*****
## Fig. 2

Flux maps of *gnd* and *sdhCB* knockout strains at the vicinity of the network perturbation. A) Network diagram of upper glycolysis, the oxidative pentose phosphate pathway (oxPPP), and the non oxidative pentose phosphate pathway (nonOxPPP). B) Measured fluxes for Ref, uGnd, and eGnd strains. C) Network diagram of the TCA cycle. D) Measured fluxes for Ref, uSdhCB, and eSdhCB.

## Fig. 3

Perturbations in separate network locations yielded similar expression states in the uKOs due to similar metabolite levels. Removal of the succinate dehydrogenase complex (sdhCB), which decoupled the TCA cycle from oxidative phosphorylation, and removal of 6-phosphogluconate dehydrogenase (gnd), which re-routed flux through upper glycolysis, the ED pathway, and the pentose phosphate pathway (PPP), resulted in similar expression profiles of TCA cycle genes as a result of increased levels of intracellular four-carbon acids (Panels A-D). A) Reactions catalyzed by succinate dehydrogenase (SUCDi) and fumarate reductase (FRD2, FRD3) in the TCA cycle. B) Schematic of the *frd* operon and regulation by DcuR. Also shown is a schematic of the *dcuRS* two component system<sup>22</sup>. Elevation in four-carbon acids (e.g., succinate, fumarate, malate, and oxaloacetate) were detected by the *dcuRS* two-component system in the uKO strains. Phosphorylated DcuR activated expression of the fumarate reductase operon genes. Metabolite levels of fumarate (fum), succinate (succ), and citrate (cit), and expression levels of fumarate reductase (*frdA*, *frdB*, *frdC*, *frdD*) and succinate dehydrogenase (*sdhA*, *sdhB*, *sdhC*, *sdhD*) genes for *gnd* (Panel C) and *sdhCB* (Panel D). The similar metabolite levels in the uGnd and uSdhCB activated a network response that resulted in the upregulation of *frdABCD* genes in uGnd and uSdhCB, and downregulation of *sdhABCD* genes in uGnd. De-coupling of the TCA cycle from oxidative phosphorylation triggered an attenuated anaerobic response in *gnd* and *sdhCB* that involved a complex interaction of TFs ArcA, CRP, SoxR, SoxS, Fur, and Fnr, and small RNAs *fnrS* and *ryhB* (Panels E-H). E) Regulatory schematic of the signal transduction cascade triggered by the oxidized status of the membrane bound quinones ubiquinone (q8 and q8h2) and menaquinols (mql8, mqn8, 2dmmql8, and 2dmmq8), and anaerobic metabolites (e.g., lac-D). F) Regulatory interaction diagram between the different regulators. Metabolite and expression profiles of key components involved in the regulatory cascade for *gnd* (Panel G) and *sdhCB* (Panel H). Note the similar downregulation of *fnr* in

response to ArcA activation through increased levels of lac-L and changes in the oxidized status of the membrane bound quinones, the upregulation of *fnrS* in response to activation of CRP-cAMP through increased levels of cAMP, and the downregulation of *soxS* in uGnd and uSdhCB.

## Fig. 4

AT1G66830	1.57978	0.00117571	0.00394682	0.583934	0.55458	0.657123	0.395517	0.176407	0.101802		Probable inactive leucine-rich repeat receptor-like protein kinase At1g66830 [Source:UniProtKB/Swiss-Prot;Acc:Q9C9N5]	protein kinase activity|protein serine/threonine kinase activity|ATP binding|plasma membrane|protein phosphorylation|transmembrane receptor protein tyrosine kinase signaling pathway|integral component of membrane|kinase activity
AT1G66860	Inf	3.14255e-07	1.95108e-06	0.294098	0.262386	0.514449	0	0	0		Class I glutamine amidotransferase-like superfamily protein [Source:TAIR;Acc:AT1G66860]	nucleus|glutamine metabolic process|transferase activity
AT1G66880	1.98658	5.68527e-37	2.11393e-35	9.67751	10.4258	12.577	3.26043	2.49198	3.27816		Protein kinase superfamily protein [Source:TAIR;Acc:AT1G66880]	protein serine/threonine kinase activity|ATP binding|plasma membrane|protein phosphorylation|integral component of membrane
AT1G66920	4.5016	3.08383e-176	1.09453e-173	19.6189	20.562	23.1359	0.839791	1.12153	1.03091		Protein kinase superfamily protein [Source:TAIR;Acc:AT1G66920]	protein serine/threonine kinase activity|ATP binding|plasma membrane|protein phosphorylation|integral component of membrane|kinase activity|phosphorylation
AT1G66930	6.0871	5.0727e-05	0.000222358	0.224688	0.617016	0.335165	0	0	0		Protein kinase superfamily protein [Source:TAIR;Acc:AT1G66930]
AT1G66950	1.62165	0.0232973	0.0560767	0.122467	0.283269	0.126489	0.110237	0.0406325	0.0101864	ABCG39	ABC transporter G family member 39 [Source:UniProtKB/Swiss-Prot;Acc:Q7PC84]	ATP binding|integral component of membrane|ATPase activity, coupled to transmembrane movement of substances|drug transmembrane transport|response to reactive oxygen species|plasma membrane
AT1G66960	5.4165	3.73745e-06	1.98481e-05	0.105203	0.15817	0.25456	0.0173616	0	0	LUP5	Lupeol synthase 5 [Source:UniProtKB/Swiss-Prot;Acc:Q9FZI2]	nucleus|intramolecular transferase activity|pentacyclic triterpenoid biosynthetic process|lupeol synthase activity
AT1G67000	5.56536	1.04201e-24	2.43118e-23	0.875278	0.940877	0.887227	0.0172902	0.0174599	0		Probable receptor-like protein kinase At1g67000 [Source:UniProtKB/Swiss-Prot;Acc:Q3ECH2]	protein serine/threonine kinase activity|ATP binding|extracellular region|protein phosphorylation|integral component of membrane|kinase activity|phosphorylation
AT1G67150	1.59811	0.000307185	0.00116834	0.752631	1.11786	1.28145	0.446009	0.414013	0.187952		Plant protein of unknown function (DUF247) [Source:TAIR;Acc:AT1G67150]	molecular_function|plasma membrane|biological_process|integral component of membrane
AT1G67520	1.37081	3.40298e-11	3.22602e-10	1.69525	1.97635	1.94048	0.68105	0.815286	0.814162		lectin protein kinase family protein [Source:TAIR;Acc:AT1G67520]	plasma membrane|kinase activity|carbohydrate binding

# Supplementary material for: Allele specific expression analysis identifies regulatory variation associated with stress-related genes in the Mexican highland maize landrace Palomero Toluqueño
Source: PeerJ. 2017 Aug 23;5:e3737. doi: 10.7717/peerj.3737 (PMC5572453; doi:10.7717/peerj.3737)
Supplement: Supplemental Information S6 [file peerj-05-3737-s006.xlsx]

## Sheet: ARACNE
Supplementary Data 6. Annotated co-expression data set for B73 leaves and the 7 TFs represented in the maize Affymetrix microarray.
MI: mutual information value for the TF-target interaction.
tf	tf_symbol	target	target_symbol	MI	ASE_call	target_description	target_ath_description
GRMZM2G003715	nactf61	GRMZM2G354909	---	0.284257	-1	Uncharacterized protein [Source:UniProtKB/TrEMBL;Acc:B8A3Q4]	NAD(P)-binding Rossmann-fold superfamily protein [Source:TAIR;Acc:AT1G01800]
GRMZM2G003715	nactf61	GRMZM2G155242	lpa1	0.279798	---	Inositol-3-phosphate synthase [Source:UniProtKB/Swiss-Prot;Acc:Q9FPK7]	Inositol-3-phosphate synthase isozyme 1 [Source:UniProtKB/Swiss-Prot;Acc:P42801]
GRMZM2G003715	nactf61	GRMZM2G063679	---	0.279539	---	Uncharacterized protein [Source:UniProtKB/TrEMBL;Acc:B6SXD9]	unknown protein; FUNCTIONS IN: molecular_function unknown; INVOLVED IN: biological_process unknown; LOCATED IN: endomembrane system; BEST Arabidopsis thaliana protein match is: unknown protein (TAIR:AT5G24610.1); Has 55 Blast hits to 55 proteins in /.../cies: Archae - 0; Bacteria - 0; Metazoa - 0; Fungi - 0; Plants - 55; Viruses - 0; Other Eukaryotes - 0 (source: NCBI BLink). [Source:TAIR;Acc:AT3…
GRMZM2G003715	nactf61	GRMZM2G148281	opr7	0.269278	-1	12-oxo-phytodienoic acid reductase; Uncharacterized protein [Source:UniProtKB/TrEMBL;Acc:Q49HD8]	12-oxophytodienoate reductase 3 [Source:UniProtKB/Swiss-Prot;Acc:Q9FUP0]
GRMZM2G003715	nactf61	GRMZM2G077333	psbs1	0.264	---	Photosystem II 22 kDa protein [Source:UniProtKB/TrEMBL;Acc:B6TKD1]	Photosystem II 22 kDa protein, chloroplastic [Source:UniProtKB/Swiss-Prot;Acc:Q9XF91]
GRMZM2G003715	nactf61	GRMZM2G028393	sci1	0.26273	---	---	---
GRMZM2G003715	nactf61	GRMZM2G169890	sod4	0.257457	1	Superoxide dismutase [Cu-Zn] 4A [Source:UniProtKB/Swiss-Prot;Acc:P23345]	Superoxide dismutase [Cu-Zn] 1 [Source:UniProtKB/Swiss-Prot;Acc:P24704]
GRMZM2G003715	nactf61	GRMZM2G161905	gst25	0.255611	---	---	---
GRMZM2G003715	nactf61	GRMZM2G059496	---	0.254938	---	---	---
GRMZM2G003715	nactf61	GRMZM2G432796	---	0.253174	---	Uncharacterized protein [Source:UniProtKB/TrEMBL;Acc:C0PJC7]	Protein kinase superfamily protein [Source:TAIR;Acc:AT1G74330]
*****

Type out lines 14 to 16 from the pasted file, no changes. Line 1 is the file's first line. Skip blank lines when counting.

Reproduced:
AT1G67000	5.56536	1.04201e-24	2.43118e-23	0.875278	0.940877	0.887227	0.0172902	0.0174599	0		Probable receptor-like protein kinase At1g67000 [Source:UniProtKB/Swiss-Prot;Acc:Q3ECH2]	protein serine/threonine kinase activity|ATP binding|extracellular region|protein phosphorylation|integral component of membrane|kinase activity|phosphorylation
AT1G67150	1.59811	0.000307185	0.00116834	0.752631	1.11786	1.28145	0.446009	0.414013	0.187952		Plant protein of unknown function (DUF247) [Source:TAIR;Acc:AT1G67150]	molecular_function|plasma membrane|biological_process|integral component of membrane
AT1G67520	1.37081	3.40298e-11	3.22602e-10	1.69525	1.97635	1.94048	0.68105	0.815286	0.814162		lectin protein kinase family protein [Source:TAIR;Acc:AT1G67520]	plasma membrane|kinase activity|carbohydrate binding